Sometimes, it just isn’t your day. Everything seems to be going wrong, every person you meet seems to be in a terrible mood, and the skies seem grayer than usual.
Like this woman for instance, whose apparent suicide attempt goes wrong in all the right ways.
Yesterday, January 25, a woman in Buenos Aires, Argentina jumped off a 23-story hotel, and survived.
The woman, a 30-year-old Argentine, landed on the roof of a taxi, in a sitting position, as if she was just chilling.
Defying the laws of the universe (common knowledge dictates that falling from a height of 100 meters equates to instant death), the woman didn’t die, and was instead rushed to a nearby hospital where she’s recovering.
Most of you might chalk this one up to plain ol’ dumb luck, but we’ve got a more interesting theory: the mutants are among us!
While it might seem impossible, there are indeed a couple of tales that prove that falling from incredible heights will only kill you about 99.99 percent of the time. And these five fall survival stories below are part of that remaining .01 percent:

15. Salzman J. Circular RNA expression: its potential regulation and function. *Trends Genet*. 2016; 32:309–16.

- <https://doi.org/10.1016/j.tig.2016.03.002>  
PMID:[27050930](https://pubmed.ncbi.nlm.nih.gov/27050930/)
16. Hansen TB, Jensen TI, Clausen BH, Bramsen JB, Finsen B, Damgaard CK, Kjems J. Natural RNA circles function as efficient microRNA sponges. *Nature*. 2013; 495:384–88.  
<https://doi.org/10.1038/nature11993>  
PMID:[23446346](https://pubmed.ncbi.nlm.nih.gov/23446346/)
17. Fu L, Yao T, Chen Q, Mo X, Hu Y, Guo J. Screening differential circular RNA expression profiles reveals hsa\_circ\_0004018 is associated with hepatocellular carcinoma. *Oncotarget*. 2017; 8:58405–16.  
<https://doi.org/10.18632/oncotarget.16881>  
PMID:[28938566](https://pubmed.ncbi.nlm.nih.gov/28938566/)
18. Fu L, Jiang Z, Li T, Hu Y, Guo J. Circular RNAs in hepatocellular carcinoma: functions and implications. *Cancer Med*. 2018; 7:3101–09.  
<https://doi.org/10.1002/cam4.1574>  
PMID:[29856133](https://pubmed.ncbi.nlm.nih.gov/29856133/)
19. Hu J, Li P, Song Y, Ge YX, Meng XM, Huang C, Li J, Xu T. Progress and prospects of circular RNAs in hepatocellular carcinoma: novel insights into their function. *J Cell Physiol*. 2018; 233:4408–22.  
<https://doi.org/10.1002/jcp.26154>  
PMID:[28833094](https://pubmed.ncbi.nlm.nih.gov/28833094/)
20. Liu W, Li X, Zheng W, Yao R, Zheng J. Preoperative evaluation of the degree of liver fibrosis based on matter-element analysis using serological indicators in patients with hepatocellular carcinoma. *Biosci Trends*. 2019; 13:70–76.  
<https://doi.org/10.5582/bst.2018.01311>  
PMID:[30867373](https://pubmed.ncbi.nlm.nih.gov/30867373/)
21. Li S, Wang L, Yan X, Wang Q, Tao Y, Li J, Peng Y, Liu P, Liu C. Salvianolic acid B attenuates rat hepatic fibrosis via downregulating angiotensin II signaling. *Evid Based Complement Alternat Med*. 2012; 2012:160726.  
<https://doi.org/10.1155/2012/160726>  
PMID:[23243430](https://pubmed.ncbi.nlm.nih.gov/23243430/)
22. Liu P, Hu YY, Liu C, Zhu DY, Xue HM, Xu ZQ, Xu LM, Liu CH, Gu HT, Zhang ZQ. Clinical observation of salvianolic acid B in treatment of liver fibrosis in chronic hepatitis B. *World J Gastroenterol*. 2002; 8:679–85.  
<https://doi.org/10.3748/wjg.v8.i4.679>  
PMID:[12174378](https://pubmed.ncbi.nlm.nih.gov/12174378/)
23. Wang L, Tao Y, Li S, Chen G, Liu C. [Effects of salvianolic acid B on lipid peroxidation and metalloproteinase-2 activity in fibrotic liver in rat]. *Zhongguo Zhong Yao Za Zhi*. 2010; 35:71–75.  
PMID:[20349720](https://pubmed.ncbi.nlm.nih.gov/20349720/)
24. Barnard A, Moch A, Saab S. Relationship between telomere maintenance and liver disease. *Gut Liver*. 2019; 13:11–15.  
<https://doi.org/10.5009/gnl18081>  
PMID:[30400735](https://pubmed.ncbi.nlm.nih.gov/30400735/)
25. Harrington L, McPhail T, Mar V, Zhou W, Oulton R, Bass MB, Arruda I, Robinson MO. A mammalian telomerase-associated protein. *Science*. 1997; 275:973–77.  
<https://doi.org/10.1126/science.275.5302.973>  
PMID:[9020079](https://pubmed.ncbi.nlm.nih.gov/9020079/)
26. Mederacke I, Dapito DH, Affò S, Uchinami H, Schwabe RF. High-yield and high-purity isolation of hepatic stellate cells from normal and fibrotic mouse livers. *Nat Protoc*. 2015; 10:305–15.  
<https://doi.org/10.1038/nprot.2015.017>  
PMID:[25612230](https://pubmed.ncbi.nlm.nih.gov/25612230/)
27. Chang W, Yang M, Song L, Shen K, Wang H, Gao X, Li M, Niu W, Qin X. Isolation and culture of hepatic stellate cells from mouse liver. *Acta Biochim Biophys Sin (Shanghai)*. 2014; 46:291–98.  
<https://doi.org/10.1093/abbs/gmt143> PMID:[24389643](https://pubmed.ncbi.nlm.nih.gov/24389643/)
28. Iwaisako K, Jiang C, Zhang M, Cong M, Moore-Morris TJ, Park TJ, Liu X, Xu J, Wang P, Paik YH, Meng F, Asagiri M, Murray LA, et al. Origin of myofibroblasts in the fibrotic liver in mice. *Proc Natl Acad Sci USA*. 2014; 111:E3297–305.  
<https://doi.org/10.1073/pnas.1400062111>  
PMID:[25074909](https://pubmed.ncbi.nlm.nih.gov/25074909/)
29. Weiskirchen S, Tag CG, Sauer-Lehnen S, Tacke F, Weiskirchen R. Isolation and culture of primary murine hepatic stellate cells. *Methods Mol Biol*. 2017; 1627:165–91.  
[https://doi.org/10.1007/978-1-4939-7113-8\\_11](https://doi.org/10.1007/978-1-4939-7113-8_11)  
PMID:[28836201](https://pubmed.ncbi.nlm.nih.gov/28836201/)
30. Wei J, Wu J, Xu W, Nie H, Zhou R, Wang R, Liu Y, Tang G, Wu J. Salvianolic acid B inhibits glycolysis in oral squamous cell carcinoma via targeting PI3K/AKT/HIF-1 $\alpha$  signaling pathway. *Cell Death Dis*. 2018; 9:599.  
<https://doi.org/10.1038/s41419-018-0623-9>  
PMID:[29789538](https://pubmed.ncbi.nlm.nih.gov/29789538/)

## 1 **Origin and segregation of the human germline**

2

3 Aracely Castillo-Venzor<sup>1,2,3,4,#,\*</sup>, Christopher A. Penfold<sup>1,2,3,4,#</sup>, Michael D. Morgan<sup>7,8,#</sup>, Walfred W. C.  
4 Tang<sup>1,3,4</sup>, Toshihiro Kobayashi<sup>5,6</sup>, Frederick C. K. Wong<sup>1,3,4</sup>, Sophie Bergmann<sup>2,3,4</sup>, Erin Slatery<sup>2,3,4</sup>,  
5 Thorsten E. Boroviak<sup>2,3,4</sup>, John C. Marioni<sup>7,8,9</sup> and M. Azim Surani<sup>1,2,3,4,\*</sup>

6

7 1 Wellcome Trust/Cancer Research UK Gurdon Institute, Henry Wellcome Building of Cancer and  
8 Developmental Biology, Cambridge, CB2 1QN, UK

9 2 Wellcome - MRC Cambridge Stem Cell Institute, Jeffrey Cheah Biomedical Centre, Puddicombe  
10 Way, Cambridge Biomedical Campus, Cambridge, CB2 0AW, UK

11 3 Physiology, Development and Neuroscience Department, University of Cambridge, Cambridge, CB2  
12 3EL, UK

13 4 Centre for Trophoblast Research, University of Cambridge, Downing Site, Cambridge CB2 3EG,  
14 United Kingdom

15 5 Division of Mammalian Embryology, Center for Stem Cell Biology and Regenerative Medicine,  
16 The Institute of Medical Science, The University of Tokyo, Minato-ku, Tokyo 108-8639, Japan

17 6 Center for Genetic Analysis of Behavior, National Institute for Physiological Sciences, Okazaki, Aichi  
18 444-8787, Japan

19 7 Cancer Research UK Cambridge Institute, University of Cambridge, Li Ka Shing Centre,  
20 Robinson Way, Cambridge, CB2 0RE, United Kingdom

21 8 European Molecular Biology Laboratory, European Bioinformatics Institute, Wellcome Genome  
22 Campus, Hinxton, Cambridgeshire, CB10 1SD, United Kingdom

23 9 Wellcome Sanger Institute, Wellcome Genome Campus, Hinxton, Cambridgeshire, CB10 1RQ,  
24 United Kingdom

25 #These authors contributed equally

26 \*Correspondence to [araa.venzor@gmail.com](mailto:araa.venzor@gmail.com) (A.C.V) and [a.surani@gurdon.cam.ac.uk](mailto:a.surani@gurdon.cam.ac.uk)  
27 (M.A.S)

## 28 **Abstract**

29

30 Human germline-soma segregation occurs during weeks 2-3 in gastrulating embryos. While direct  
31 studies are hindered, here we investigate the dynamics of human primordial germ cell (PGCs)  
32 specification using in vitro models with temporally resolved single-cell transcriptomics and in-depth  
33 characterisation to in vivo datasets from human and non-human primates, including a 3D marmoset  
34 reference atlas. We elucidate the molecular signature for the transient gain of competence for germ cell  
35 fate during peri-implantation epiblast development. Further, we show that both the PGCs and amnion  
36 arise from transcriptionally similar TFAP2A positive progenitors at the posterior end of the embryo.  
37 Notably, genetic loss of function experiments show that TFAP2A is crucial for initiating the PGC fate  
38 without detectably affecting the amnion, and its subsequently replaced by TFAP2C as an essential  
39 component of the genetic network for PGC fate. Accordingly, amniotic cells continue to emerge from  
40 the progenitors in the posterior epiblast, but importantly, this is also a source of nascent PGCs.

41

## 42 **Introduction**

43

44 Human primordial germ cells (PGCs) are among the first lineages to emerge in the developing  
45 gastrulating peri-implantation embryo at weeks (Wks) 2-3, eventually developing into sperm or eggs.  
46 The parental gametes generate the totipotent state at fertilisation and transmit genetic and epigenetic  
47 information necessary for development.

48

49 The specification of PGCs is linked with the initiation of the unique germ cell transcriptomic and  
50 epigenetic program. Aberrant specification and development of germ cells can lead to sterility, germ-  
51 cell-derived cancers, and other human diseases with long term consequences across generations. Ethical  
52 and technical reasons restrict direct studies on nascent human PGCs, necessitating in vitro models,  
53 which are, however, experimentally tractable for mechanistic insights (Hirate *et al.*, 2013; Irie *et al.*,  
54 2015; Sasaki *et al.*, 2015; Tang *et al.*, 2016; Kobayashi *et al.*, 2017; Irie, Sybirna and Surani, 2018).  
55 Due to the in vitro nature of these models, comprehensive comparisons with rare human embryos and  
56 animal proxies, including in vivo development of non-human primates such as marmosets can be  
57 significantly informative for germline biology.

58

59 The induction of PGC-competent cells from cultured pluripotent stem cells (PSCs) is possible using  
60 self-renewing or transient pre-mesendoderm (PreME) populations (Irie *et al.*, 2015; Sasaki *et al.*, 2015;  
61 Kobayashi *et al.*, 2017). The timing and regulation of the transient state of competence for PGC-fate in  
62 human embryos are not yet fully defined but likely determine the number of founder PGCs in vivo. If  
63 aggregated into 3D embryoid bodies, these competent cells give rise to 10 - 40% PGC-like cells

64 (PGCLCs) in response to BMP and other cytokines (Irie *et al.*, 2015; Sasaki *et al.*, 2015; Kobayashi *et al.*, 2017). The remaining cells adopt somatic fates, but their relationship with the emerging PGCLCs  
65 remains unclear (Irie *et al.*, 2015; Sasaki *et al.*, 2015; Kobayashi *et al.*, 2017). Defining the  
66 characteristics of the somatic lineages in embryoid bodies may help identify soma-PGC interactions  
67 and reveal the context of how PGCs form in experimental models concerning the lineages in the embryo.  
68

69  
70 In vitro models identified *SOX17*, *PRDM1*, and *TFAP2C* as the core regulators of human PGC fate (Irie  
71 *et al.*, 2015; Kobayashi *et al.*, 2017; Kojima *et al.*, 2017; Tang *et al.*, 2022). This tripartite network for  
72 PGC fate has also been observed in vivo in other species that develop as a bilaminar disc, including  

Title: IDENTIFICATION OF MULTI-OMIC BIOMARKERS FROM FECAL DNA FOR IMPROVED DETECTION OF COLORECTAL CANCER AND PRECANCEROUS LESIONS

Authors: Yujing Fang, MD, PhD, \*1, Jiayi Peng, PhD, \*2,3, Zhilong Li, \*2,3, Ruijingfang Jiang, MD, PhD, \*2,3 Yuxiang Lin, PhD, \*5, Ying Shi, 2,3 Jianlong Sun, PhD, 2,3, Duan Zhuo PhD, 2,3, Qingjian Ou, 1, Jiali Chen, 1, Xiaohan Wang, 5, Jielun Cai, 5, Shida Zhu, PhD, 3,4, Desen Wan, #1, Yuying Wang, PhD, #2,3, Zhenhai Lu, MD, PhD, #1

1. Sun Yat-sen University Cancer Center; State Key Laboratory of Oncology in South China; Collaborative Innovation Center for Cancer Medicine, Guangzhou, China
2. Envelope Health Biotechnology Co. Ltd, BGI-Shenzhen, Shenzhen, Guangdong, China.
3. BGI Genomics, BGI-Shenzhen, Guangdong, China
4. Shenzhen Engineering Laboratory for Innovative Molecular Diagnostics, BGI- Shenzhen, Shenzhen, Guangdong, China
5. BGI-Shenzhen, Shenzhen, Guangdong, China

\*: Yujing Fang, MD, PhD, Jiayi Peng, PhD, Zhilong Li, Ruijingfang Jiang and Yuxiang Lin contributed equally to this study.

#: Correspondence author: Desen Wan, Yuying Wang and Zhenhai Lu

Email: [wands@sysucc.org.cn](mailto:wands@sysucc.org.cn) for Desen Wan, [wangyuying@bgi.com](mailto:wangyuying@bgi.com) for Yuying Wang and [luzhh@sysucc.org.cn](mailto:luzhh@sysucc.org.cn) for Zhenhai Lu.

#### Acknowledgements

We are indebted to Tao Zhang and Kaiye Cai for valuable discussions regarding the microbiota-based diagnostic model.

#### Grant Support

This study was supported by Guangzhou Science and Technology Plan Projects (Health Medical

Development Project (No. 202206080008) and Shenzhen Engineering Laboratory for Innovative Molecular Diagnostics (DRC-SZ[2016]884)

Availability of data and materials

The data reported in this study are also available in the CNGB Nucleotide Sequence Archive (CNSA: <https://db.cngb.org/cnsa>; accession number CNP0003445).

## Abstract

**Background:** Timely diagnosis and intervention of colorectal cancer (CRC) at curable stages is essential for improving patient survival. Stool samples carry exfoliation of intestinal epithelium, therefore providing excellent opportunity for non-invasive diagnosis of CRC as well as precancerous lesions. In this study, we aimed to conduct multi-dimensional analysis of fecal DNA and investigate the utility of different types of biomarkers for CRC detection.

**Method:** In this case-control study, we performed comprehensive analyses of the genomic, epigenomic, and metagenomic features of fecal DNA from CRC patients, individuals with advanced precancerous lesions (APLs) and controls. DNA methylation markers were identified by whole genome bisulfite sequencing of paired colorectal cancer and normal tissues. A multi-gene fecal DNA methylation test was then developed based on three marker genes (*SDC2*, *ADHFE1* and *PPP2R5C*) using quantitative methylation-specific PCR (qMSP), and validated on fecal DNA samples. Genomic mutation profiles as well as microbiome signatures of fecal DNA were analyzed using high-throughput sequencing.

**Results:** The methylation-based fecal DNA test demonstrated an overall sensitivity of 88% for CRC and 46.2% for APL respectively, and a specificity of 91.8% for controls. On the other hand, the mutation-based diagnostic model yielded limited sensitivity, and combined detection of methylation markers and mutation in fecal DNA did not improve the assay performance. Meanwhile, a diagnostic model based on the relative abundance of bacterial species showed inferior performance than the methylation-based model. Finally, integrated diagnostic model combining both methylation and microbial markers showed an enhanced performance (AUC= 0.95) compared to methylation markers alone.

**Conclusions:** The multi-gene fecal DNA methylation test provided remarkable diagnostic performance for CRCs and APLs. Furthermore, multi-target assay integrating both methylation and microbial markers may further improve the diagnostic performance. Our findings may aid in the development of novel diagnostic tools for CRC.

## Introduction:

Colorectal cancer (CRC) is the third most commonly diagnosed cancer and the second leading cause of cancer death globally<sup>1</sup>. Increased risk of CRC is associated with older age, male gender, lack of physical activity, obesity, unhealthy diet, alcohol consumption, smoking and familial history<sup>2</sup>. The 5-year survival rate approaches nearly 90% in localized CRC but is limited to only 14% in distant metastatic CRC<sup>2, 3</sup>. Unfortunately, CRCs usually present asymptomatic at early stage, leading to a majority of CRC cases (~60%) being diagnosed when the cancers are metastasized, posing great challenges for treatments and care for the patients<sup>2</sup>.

The teenager who got high: Juliane Koepcke
Christmas Eve, 1971. What seemed like just another ordinary domestic flight from Lima, Peru to Pucallpu Peru instantly turned into a nightmare as a thunderstorm sent LANSA Flight 508 crashing down into the Amazon forest.
Ninety-two people were aboard that flight, six were crew members, the rest, passengers. Only one lucky soul survived: Juliane Kopcke (pronounced cup-key), then a 17-year-old girl. She fell 3 kilometers down into the forest while strapped to her seat, and amazingly survived.
It wasn’t until the next morning when she woke up that she found out that she was the lucky one, although for a moment, we imagine how shocked she must have been with how green heaven looked. She was all alone, with only scattered bodies and holiday gifts (such a grim image) keeping her company. Surviving the crash had been one thing, but being a teenager lost in a jungle could prove just as deadly.
But once again she defeated the odds. And she did so by following her biologist dad’s advice: follow the water, to find civilization in the jungle. From tiny streams she followed larger water channels all the while avoiding the locale’s diverse (and possibly deadly) wildlife that the Discovery Channel frequently advertised. Finally, on her tenth day (with a bag of candies being her main source of sustenance) she saw a canoe on a shore, she went to it, and was finally found by a group of lumberjacks.
WORDS BY: GELO GONZALES